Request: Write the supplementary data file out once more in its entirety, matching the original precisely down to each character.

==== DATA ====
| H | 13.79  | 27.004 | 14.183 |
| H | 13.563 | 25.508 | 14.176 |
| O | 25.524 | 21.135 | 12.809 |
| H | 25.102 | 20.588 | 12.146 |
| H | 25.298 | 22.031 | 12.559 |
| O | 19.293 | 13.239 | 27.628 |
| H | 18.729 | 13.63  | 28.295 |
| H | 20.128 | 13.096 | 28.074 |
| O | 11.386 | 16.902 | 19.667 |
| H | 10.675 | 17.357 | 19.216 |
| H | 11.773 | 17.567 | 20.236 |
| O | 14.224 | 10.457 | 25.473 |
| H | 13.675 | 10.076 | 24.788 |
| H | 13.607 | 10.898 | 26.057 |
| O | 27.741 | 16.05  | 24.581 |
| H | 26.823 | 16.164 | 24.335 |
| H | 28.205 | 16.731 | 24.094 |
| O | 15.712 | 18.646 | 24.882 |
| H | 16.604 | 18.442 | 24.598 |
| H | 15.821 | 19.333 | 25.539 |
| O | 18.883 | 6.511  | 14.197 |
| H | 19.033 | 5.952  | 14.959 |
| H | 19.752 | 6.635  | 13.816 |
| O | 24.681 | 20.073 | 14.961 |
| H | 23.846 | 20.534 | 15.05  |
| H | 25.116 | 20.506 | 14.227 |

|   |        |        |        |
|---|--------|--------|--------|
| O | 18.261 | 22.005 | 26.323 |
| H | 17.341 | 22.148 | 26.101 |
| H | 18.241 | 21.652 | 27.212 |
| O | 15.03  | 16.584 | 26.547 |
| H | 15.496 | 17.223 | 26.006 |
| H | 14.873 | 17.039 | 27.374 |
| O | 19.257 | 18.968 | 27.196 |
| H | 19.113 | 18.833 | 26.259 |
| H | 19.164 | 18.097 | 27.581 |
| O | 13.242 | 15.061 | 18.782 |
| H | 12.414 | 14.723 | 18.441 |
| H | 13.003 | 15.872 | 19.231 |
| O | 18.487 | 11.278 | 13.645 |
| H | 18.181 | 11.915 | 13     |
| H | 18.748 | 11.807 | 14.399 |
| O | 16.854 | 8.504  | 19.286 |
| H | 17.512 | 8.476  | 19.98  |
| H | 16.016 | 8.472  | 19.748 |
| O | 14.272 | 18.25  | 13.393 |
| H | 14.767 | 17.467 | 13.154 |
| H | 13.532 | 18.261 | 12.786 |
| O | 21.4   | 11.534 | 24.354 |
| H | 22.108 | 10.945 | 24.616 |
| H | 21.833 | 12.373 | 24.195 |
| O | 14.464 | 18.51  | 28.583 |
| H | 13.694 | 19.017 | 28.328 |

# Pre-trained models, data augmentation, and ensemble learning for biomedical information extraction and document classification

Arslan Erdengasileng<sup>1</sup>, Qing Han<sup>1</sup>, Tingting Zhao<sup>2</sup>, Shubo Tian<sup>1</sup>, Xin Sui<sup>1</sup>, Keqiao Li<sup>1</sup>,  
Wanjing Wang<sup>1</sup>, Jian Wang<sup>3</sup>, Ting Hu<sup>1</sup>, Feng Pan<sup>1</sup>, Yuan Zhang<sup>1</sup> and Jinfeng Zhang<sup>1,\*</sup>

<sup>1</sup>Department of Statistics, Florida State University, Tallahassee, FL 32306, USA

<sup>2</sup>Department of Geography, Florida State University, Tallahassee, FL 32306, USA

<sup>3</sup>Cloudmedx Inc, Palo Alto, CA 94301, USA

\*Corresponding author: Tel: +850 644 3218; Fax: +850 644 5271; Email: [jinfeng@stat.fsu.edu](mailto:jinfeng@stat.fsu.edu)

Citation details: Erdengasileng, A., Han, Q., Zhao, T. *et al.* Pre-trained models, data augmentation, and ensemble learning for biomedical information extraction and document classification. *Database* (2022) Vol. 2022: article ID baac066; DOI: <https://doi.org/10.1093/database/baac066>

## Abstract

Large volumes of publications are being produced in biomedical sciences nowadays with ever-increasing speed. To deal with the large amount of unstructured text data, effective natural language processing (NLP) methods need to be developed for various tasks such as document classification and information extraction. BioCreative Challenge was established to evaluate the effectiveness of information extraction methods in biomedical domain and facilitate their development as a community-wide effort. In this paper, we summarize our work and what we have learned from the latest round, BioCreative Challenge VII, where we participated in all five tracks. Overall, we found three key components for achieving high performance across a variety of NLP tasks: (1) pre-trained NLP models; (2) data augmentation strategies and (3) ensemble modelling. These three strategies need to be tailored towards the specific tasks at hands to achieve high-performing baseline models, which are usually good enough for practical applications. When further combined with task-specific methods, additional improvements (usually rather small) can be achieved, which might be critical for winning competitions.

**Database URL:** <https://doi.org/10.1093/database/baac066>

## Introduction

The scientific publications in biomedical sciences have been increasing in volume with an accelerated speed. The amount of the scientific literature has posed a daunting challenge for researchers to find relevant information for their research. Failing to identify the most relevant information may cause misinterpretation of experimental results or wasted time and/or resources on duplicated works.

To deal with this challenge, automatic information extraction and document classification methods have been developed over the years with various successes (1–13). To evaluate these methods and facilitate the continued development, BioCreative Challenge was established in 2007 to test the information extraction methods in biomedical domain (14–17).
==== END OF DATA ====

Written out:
| H | 13.79  | 27.004 | 14.183 |
| H | 13.563 | 25.508 | 14.176 |
| O | 25.524 | 21.135 | 12.809 |
| H | 25.102 | 20.588 | 12.146 |
| H | 25.298 | 22.031 | 12.559 |
| O | 19.293 | 13.239 | 27.628 |
| H | 18.729 | 13.63  | 28.295 |
| H | 20.128 | 13.096 | 28.074 |
| O | 11.386 | 16.902 | 19.667 |
| H | 10.675 | 17.357 | 19.216 |
| H | 11.773 | 17.567 | 20.236 |
| O | 14.224 | 10.457 | 25.473 |
| H | 13.675 | 10.076 | 24.788 |
| H | 13.607 | 10.898 | 26.057 |
| O | 27.741 | 16.05  | 24.581 |
| H | 26.823 | 16.164 | 24.335 |
| H | 28.205 | 16.731 | 24.094 |
| O | 15.712 | 18.646 | 24.882 |
| H | 16.604 | 18.442 | 24.598 |
| H | 15.821 | 19.333 | 25.539 |
| O | 18.883 | 6.511  | 14.197 |
| H | 19.033 | 5.952  | 14.959 |
| H | 19.752 | 6.635  | 13.816 |
| O | 24.681 | 20.073 | 14.961 |
| H | 23.846 | 20.534 | 15.05  |
| H | 25.116 | 20.506 | 14.227 |

|   |        |        |        |
|---|--------|--------|--------|
| O | 18.261 | 22.005 | 26.323 |
| H | 17.341 | 22.148 | 26.101 |
| H | 18.241 | 21.652 | 27.212 |
| O | 15.03  | 16.584 | 26.547 |
| H | 15.496 | 17.223 | 26.006 |
| H | 14.873 | 17.039 | 27.374 |
| O | 19.257 | 18.968 | 27.196 |
| H | 19.113 | 18.833 | 26.259 |
| H | 19.164 | 18.097 | 27.581 |
| O | 13.242 | 15.061 | 18.782 |
| H | 12.414 | 14.723 | 18.441 |
| H | 13.003 | 15.872 | 19.231 |
| O | 18.487 | 11.278 | 13.645 |
| H | 18.181 | 11.915 | 13     |
| H | 18.748 | 11.807 | 14.399 |
| O | 16.854 | 8.504  | 19.286 |
| H | 17.512 | 8.476  | 19.98  |
| H | 16.016 | 8.472  | 19.748 |
| O | 14.272 | 18.25  | 13.393 |
| H | 14.767 | 17.467 | 13.154 |
| H | 13.532 | 18.261 | 12.786 |
| O | 21.4   | 11.534 | 24.354 |
| H | 22.108 | 10.945 | 24.616 |
| H | 21.833 | 12.373 | 24.195 |
| O | 14.464 | 18.51  | 28.583 |
| H | 13.694 | 19.017 | 28.328 |

# Pre-trained models, data augmentation, and ensemble learning for biomedical information extraction and document classification

Arslan Erdengasileng<sup>1</sup>, Qing Han<sup>1</sup>, Tingting Zhao<sup>2</sup>, Shubo Tian<sup>1</sup>, Xin Sui<sup>1</sup>, Keqiao Li<sup>1</sup>,  
Wanjing Wang<sup>1</sup>, Jian Wang<sup>3</sup>, Ting Hu<sup>1</sup>, Feng Pan<sup>1</sup>, Yuan Zhang<sup>1</sup> and Jinfeng Zhang<sup>1,\*</sup>

<sup>1</sup>Department of Statistics, Florida State University, Tallahassee, FL 32306, USA

<sup>2</sup>Department of Geography, Florida State University, Tallahassee, FL 32306, USA

<sup>3</sup>Cloudmedx Inc, Palo Alto, CA 94301, USA

\*Corresponding author: Tel: +850 644 3218; Fax: +850 644 5271; Email: [jinfeng@stat.fsu.edu](mailto:jinfeng@stat.fsu.edu)

Citation details: Erdengasileng, A., Han, Q., Zhao, T. *et al.* Pre-trained models, data augmentation, and ensemble learning for biomedical information extraction and document classification. *Database* (2022) Vol. 2022: article ID baac066; DOI: <https://doi.org/10.1093/database/baac066>

## Abstract

Large volumes of publications are being produced in biomedical sciences nowadays with ever-increasing speed. To deal with the large amount of unstructured text data, effective natural language processing (NLP) methods need to be developed for various tasks such as document classification and information extraction. BioCreative Challenge was established to evaluate the effectiveness of information extraction methods in biomedical domain and facilitate their development as a community-wide effort. In this paper, we summarize our work and what we have learned from the latest round, BioCreative Challenge VII, where we participated in all five tracks. Overall, we found three key components for achieving high performance across a variety of NLP tasks: (1) pre-trained NLP models; (2) data augmentation strategies and (3) ensemble modelling. These three strategies need to be tailored towards the specific tasks at hands to achieve high-performing baseline models, which are usually good enough for practical applications. When further combined with task-specific methods, additional improvements (usually rather small) can be achieved, which might be critical for winning competitions.

**Database URL:** <https://doi.org/10.1093/database/baac066>

## Introduction

The scientific publications in biomedical sciences have been increasing in volume with an accelerated speed. The amount of the scientific literature has posed a daunting challenge for researchers to find relevant information for their research. Failing to identify the most relevant information may cause misinterpretation of experimental results or wasted time and/or resources on duplicated works.

To deal with this challenge, automatic information extraction and document classification methods have been developed over the years with various successes (1–13). To evaluate these methods and facilitate the continued development, BioCreative Challenge was established in 2007 to test the information extraction methods in biomedical domain (14–17).